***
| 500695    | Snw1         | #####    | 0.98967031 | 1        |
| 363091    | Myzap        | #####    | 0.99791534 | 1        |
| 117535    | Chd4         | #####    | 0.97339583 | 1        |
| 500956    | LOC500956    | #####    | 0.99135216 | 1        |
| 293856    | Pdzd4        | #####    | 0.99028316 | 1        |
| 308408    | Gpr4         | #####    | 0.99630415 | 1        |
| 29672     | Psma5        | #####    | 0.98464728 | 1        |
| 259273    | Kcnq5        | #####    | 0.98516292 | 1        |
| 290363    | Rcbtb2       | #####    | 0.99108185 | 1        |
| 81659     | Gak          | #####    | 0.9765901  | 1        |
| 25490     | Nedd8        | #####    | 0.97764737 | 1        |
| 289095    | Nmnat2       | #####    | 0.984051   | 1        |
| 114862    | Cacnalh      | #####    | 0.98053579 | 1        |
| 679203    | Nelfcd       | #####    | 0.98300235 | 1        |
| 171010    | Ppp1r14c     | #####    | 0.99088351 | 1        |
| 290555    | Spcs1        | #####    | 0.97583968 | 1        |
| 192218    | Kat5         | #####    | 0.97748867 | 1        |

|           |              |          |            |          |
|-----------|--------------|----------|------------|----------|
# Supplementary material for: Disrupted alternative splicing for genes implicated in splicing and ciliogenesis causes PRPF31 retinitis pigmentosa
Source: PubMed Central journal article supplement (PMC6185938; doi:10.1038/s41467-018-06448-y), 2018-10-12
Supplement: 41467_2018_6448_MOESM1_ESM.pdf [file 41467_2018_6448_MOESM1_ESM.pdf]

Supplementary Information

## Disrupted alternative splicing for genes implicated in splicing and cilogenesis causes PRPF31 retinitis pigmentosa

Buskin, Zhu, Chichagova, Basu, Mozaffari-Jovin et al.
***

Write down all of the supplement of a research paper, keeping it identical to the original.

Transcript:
| 500695    | Snw1         | #####    | 0.98967031 | 1        |
| 363091    | Myzap        | #####    | 0.99791534 | 1        |
| 117535    | Chd4         | #####    | 0.97339583 | 1        |
| 500956    | LOC500956    | #####    | 0.99135216 | 1        |
| 293856    | Pdzd4        | #####    | 0.99028316 | 1        |
| 308408    | Gpr4         | #####    | 0.99630415 | 1        |
| 29672     | Psma5        | #####    | 0.98464728 | 1        |
| 259273    | Kcnq5        | #####    | 0.98516292 | 1        |
| 290363    | Rcbtb2       | #####    | 0.99108185 | 1        |
| 81659     | Gak          | #####    | 0.9765901  | 1        |
| 25490     | Nedd8        | #####    | 0.97764737 | 1        |
| 289095    | Nmnat2       | #####    | 0.984051   | 1        |
| 114862    | Cacnalh      | #####    | 0.98053579 | 1        |
| 679203    | Nelfcd       | #####    | 0.98300235 | 1        |
| 171010    | Ppp1r14c     | #####    | 0.99088351 | 1        |
| 290555    | Spcs1        | #####    | 0.97583968 | 1        |
| 192218    | Kat5         | #####    | 0.97748867 | 1        |

|           |              |          |            |          |
|-----------|--------------|----------|------------|----------|
# Supplementary material for: Disrupted alternative splicing for genes implicated in splicing and ciliogenesis causes PRPF31 retinitis pigmentosa
Source: PubMed Central journal article supplement (PMC6185938; doi:10.1038/s41467-018-06448-y), 2018-10-12
Supplement: 41467_2018_6448_MOESM1_ESM.pdf [file 41467_2018_6448_MOESM1_ESM.pdf]

Supplementary Information

## Disrupted alternative splicing for genes implicated in splicing and cilogenesis causes PRPF31 retinitis pigmentosa

Buskin, Zhu, Chichagova, Basu, Mozaffari-Jovin et al.